Last year, when discussing the desire for acquisitions, Idol said Kors produces cash flow of close to $1 billion a year that can help pay down any debt. It also has a $1 billion revolving credit facility, which the ceo pointed to as a potential source of deal capital. “It’s there for us to use so we can make sizable acquisitions even on our existing financing structure, not having to even go to the debt market if we don’t need to,” Idol said.

A Kors deal for Versace will bring to an end what has been feverish pursuit of the brand over the last few months. According to one source, Donatella Versace herself made overtures to potential investors since the spring, rather than pursue a formal process via investment banks.

It is understood that Kering was among the first to submit an offer a few hundred million euros shy of 2 billion euros. Such a big number extinguished interest from most potential strategic buyers, including Tapestry, save for Kors, which pulled out a bigger checkbook and pursued exclusive negotiations in recent weeks, the source said.

In July, Versace identified accessories “as an important opportunity” it is pursuing with a development strategy. In 2017, Versace’s apparel sales decreased 0.4 percent at retail (220.7 million euros) and 10.9 percent at wholesale (112.8 million euros), while accessories grew 3.5 percent at retail (186 million euros) and 9 percent at wholesale (67 million euros). At the end of 2017, Versace had 218 stores, compared with 239 at the end of 2016. Thirteen of them were full price. In June, Versace said it planned to grow the European and American markets to the level of success the brand has achieved in Asia.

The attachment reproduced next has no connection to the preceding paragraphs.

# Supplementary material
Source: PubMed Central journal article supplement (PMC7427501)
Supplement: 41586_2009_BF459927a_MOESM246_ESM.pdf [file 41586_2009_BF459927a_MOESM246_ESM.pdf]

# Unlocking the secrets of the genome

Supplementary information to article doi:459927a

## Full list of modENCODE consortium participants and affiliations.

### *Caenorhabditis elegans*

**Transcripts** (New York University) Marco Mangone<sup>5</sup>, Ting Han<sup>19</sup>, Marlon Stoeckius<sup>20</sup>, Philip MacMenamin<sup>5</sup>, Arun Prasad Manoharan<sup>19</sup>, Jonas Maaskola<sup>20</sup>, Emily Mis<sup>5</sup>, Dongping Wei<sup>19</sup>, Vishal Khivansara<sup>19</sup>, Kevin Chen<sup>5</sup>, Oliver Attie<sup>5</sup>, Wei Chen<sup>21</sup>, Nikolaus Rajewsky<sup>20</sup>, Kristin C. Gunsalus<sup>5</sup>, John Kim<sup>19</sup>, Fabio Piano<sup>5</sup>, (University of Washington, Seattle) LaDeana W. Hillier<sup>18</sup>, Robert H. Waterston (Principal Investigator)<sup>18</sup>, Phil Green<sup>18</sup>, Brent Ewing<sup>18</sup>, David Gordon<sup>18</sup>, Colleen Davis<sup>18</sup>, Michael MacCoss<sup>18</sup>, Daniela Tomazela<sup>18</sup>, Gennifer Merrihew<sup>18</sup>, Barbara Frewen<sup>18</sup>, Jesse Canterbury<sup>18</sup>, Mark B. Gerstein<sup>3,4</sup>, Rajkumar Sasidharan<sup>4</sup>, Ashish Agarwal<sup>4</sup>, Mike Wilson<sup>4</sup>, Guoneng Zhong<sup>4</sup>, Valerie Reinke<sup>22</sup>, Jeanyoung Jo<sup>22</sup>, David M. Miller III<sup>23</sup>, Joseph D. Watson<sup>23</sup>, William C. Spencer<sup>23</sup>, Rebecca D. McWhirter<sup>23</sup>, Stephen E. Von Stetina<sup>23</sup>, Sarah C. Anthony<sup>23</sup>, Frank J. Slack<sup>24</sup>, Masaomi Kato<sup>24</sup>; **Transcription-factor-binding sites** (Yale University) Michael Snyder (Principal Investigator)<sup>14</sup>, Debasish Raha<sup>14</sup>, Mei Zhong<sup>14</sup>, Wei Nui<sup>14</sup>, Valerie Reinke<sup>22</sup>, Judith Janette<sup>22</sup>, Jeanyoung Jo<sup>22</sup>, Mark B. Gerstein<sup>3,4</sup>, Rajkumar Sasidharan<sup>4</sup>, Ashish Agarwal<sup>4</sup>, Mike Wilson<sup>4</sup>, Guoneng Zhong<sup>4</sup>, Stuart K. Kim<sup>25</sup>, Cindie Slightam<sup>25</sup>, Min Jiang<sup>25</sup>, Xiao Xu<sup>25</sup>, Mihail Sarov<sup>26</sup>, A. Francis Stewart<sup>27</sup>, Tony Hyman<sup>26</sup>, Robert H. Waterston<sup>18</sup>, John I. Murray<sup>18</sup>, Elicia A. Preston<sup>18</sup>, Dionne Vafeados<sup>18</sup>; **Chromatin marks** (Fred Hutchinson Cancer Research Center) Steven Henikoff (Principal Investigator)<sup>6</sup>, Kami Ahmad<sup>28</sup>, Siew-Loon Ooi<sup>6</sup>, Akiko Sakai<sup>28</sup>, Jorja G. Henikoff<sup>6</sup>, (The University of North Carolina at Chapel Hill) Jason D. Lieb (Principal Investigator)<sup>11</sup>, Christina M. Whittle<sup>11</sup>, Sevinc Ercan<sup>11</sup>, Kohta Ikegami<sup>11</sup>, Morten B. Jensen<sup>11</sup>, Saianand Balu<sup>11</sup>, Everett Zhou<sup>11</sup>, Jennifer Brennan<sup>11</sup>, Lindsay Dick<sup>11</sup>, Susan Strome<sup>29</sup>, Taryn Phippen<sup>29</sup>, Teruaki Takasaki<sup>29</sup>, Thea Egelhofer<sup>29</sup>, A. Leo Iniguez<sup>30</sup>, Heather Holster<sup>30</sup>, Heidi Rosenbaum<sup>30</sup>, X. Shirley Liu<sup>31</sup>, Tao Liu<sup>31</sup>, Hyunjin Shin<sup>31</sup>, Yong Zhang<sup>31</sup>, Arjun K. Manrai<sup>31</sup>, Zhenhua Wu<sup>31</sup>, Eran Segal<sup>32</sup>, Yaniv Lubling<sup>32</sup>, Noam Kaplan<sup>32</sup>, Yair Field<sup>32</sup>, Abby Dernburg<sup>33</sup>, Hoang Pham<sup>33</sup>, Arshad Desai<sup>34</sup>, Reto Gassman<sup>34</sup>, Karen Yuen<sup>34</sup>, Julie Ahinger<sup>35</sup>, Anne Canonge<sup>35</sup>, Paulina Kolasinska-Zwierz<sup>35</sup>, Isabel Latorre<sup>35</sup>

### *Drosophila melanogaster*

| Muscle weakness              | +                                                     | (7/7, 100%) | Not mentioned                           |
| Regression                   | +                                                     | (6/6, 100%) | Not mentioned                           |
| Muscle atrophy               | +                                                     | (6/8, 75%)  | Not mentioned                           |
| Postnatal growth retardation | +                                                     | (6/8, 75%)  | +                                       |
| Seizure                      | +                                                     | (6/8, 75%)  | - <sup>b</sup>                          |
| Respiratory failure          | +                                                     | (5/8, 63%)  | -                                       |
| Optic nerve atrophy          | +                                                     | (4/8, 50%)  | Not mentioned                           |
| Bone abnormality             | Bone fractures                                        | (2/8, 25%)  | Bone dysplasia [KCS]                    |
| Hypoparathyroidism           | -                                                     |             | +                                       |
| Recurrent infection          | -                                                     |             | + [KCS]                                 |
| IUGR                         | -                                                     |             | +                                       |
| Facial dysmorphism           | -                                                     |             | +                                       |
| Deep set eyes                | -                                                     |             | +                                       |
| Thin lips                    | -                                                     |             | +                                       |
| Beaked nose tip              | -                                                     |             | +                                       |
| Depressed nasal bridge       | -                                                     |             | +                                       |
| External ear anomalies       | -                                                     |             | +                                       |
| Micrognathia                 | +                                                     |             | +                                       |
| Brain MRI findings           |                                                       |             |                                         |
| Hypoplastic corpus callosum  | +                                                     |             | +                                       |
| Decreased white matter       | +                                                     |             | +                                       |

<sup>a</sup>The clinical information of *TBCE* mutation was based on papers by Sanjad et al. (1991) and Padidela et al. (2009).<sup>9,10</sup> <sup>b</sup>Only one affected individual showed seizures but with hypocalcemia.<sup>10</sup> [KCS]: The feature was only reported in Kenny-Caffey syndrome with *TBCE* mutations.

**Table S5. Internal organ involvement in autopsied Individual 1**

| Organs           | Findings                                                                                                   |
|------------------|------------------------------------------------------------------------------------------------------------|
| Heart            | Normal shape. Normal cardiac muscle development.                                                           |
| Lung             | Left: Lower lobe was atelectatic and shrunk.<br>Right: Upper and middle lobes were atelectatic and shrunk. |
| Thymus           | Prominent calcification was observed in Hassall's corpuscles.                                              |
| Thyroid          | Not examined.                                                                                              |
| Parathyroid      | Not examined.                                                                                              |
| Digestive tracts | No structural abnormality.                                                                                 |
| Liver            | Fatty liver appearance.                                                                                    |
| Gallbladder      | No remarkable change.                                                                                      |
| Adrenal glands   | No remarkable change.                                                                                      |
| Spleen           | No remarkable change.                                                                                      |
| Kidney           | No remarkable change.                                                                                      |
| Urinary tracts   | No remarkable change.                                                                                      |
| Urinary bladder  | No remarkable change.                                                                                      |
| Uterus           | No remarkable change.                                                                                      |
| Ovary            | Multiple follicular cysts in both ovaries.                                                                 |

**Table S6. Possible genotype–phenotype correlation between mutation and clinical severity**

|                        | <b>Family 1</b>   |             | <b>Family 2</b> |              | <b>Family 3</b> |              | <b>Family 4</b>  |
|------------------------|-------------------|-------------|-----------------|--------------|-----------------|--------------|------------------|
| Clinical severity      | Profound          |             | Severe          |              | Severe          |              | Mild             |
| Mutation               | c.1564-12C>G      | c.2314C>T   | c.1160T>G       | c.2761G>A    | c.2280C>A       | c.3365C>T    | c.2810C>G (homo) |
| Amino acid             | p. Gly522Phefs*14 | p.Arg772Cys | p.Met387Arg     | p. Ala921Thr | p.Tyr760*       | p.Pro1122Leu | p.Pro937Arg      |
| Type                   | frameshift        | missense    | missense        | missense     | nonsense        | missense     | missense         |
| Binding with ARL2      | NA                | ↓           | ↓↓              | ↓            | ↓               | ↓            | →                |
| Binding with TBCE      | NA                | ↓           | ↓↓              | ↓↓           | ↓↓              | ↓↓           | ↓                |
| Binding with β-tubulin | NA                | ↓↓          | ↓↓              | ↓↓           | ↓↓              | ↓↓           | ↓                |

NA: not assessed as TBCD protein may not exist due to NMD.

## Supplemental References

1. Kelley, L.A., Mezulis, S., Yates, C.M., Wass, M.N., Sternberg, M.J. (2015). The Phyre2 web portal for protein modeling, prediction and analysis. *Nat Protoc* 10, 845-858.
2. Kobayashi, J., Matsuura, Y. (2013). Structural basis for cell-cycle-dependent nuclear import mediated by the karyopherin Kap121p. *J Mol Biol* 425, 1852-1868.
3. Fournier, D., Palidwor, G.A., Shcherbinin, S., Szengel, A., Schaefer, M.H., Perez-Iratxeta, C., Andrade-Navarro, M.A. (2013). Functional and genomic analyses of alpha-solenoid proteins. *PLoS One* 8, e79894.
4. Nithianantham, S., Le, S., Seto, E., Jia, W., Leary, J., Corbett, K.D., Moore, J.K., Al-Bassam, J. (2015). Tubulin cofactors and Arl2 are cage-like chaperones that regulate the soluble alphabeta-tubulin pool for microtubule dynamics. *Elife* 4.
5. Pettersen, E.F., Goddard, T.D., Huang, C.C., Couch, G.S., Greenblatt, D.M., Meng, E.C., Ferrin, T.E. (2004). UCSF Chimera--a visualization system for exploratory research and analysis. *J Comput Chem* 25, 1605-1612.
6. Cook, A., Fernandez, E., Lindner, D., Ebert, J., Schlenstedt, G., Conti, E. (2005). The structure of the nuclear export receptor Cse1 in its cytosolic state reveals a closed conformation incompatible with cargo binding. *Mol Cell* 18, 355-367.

Despite the steep drop in Kors’ share price on Monday, analysts reacted positively to the potential Versace acquisition.

Oliver Chen, an equity analyst at Cowen, said Kors has a big opportunity with Versace, although just how good the deal is for the company also depends on how much it ultimately pays for the business.

“Versace has a big handbag opportunity,” Chen said, noting the deal could ultimately be “more meaningful” for Kors than last year’s Choo transaction.

Kors also has expertise across many of the disciplines necessary for luxury brands to thrive today — from wholesale to e-commerce to logistics to creating connect that connects with consumers online.